Monday, June 15, 2009

Win in '10: Deck cleared for Sam Brownback

This is the first installment of a new series of posts entitled "Win in '10", dedicated to electing principled conservatives to public office, with a focus on Kansas and Missouri.

Today, in what had been expected and suggested for weeks by many, Secretary of State Ron Thornburgh announced today he was dropping his bid for Governor.

What this means is that the deck has now been cleared for U.S. Senator Sam Brownback to become Governor. No credible Republican from either the moderate or conservative wings is going to challenge Sam, and it is highly unlikely that the Democrats, who have a very thin bench, will be able to find anyone who could mount any kind of substantial challenge to Senator Brownback.

So, basically, unless something dramatic happens, and while nothing is guaranteed, Sam Brownback will be the next Governor of Kansas in January, 2011.

What does this mean for the state, for the 2010 elections, and for Kansas electoral politics in general? This is what we're going to cover today in our first installment of "Win in '10", a series of posts dedicated to conservatives winning the 2010 elections. Given that in Kansas, it all starts with the top of the ticket, it seems prudent to start with the Kansas Governor's race.

First of all, in terms of the state, it means that for the first time in history, Kansas will have a real conservative governor. In terms of policy, this means:

- Kansas will now have a Governor dedicated to budget reform and fiscal responsibility, bringing into focus a possible solution the the state budget crisis. Senator Brownback will likely embrace zero-based budgeting, which means every program funded by the state will be under review for performance and need.

- Kansas will now have a Governor dedicated to conservative economic principles such as lower taxes, less regulation, and a free market economy. While Obama might be taking us down the road to socialized medicine on a national level, it will no longer have an ally in the Governor of Kansas. Tax reductions meant to make Kansas more business friendly will no longer be opposed or rolled back. This means the real possiblity for private-sector economic growth in Kansas.

- Kansas will now have a pro-life Governor who is a member of a party that is also pro-life in principle. This means that those who seek to have abortion-on-demand will no longer have a left-wing ally in the Governor's office. It means that our state's abortion laws might actually be enforced.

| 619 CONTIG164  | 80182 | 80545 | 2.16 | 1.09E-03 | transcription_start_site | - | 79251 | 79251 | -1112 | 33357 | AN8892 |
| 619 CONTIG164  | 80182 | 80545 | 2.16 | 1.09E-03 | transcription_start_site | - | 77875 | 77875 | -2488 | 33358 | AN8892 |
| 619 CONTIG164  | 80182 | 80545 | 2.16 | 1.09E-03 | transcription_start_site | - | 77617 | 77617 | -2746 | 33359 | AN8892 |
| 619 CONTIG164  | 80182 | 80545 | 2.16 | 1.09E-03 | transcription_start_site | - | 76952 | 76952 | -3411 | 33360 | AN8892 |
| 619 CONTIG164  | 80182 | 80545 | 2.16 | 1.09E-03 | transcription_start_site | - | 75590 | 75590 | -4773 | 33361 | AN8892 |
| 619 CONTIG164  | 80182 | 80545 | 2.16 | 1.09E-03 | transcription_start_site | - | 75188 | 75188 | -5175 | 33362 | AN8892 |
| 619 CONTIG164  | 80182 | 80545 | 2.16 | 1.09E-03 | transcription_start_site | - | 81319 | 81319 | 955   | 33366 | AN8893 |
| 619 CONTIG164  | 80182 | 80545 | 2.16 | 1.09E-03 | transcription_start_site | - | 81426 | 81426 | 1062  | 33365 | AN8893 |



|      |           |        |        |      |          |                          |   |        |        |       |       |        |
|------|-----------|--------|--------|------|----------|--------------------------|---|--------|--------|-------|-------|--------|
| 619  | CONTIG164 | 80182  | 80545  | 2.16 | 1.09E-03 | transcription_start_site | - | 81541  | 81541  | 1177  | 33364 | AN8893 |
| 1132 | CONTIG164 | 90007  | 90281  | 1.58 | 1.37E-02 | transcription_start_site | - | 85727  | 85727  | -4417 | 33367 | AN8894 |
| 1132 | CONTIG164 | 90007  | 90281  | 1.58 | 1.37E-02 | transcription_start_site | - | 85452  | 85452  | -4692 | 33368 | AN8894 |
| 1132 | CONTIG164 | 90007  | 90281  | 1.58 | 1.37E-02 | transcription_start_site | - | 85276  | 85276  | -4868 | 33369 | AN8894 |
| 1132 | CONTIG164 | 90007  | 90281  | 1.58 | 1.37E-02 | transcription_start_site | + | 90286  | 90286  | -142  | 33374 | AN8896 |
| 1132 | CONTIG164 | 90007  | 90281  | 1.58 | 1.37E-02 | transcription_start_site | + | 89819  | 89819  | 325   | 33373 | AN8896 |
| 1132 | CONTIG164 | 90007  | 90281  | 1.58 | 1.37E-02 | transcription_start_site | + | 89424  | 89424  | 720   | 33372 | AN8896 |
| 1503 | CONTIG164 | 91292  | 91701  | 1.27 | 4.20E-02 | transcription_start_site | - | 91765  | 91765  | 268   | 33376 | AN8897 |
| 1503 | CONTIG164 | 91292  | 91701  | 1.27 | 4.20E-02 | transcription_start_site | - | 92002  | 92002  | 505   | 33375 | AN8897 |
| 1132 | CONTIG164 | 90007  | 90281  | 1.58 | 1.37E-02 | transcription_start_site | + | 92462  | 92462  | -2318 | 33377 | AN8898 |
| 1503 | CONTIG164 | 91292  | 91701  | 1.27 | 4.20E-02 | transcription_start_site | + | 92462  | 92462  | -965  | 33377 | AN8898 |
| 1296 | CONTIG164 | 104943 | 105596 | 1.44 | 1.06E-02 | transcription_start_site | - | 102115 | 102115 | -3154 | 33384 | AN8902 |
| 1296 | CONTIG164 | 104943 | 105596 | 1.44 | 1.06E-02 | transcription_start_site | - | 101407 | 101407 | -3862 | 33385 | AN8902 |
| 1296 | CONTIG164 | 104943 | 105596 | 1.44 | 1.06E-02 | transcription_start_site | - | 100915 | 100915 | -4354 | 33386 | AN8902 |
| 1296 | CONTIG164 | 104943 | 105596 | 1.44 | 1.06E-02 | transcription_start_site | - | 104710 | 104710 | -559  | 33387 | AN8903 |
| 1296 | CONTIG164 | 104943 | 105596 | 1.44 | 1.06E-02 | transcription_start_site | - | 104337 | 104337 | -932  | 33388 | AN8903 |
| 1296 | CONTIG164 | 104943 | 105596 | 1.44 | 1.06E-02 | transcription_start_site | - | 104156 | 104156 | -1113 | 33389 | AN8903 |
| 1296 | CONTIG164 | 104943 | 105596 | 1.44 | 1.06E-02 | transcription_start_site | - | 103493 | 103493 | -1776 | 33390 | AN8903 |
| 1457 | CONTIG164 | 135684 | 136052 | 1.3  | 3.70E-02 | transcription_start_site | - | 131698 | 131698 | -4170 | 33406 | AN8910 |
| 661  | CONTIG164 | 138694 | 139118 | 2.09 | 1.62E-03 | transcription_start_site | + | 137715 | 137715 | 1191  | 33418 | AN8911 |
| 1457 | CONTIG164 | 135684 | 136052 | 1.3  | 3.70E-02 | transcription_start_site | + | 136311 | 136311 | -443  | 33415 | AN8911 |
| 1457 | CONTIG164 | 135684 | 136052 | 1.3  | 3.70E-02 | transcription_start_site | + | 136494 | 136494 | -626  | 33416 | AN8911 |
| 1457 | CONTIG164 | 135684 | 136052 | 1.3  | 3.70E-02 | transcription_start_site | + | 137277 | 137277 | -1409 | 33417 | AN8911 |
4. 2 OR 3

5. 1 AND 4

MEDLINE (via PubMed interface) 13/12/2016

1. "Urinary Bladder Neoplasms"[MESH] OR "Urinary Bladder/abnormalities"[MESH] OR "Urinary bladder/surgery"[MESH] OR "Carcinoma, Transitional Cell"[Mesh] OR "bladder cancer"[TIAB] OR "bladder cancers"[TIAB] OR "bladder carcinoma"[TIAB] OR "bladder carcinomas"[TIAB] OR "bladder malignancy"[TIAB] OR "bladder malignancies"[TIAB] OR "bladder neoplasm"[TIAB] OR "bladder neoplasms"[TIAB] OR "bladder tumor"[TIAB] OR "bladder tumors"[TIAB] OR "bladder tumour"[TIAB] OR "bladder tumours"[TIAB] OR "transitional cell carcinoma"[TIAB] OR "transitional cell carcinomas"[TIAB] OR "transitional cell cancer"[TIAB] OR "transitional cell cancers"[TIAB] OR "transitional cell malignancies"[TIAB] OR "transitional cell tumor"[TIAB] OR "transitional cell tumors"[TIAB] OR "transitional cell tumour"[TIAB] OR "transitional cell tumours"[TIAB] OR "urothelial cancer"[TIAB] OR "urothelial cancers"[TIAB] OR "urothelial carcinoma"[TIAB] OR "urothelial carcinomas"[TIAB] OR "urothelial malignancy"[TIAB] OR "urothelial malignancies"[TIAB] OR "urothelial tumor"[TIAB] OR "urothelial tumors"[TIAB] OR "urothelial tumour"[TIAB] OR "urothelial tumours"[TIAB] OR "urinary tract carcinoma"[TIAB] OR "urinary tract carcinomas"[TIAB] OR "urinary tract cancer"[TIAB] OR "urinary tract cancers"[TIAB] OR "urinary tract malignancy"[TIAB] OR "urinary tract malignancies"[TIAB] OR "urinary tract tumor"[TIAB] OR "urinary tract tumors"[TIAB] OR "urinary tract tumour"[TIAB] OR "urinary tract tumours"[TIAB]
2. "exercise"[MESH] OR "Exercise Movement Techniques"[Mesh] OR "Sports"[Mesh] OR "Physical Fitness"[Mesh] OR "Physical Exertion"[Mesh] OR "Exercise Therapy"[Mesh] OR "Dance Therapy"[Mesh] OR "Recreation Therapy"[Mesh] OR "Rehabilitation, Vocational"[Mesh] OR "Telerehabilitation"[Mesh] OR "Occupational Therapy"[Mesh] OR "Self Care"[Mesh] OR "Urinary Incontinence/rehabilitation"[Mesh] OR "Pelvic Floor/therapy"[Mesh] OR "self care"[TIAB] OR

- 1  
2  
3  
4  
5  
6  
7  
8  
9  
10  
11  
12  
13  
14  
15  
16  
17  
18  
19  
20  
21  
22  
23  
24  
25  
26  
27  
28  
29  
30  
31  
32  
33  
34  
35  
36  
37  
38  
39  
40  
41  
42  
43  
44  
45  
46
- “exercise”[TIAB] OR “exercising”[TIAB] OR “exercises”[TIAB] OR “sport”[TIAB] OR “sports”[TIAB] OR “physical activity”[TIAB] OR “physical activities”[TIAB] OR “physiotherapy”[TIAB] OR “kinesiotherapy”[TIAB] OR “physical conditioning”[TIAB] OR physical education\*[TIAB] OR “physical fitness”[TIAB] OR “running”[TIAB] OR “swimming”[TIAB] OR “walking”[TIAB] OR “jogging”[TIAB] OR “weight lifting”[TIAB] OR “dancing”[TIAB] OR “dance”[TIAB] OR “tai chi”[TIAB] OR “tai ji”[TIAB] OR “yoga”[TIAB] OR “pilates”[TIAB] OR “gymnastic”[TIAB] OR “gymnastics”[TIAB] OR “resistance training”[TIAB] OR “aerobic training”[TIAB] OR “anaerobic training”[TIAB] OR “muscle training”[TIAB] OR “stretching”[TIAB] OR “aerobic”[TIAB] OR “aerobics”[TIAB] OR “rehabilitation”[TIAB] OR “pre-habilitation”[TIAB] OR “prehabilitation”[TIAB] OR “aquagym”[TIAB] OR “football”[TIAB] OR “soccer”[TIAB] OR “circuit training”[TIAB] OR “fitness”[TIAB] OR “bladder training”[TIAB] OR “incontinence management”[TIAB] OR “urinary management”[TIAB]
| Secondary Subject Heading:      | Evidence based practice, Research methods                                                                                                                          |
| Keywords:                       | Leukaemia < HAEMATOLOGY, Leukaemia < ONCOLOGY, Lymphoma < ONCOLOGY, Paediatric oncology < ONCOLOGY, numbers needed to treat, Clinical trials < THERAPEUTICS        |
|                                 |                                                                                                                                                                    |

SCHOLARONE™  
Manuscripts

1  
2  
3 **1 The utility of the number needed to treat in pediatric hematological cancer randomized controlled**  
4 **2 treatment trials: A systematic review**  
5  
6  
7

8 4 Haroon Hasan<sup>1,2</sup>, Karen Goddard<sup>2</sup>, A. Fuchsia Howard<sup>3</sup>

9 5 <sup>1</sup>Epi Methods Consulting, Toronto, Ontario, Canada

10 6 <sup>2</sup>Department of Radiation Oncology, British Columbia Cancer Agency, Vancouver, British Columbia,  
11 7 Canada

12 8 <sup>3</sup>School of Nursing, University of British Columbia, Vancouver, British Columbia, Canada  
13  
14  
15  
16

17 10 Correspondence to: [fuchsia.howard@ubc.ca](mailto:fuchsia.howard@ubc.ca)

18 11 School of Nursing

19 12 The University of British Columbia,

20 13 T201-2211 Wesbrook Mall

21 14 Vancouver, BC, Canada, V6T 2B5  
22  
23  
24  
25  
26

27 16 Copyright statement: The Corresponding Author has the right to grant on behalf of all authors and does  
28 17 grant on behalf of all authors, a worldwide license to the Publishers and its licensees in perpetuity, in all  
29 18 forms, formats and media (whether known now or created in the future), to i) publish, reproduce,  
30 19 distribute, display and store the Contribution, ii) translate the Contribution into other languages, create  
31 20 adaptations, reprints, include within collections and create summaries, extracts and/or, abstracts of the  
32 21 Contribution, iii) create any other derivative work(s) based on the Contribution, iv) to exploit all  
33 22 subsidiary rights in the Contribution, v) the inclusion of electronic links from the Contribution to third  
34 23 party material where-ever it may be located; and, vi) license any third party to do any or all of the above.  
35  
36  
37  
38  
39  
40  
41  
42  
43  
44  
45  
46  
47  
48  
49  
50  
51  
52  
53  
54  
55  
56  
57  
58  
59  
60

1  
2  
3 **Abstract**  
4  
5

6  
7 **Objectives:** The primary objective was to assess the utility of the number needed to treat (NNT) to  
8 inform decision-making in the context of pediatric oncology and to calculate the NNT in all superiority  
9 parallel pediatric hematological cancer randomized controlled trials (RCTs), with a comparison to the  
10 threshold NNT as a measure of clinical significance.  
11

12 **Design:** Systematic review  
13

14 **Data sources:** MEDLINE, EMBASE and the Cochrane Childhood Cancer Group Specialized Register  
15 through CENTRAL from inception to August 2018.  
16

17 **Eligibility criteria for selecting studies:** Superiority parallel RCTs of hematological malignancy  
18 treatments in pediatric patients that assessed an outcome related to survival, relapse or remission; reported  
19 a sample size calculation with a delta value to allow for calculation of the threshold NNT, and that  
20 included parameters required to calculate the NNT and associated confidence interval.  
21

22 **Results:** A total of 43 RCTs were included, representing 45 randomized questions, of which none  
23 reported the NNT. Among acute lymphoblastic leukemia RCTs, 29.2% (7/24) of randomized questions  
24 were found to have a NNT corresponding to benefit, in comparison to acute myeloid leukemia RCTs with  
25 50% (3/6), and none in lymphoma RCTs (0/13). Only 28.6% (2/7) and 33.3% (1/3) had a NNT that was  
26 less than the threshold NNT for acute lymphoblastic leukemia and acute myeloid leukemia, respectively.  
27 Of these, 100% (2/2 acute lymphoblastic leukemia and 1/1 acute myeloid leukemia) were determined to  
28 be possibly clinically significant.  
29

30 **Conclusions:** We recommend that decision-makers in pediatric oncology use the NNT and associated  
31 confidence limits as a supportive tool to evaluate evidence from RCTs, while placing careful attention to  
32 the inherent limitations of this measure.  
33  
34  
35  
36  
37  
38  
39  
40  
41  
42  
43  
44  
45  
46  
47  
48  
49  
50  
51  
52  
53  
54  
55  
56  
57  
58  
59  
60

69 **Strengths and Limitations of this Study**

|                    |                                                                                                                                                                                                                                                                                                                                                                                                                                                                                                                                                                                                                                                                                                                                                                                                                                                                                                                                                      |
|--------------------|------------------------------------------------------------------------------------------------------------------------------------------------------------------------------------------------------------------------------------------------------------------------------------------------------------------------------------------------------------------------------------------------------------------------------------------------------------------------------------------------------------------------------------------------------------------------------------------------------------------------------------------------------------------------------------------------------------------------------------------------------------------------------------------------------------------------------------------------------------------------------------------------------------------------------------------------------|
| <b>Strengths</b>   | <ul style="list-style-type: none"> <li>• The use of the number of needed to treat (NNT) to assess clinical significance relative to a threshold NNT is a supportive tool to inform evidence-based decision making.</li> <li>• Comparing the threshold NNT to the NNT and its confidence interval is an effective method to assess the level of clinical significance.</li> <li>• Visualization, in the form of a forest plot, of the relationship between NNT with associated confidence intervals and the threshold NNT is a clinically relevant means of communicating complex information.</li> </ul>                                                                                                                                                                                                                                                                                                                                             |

- State executive departments will now be filled by Brownback appointees, meaning that if he delivers on his principles, we'll have a government led by people who believe in government efficiency and small government -- not the "build stuff no matter the cost" mentality that has existed for a long time.

- The court system might actually have a chance at some reform, if a Governor Brownback opts to push for court reform so he can actually have some degree of influence on the makeup of the courts, as the electorate would expect in electing a conservative as Governor. At least we might see reform at the Court of Appeals and District Court levels, which only take statutory, rather than Constitutional, changes.

The list goes on and on. Of course, that's the long-term future for once Brownback gets elected. In the short term, there could be a huge effect on the 2010 elections and also the state of politics in Kansas in general.

By having Sam Brownback running for Governor, conservative Republicans -- and, Republicans in general -- are yielding their biggest electoral stick they've ever had. The moderates had theirs in Bill Graves, who enjoyed 60-70% approval ratings for much of his term. The Dems had theirs in Kathleen Sebelius, who enjoyed approval ratings in the 50's and with it, strengthened the Democratic Party and gave liberals a presence in Kansas, enough so they now control the courts. Now, in Sam Brownback, conservatives now have theirs.

First of all, credit and thanks need to be sent to Sam Brownback for deciding to run. He could have chosen to remain in the U.S. Senate, and would have likely had the job as long as he wanted. By choosing to run for Governor, he is taking direct responsibility for his own state -- which has unfortunately has not been the deep red state that many think it is. Despite what Steve Rose claims, the legislature has not been conservative -- and aside from four years of Phill Kline, conservatives have not held a statewide position in recent memory. Sam Brownback's involvement changes all that.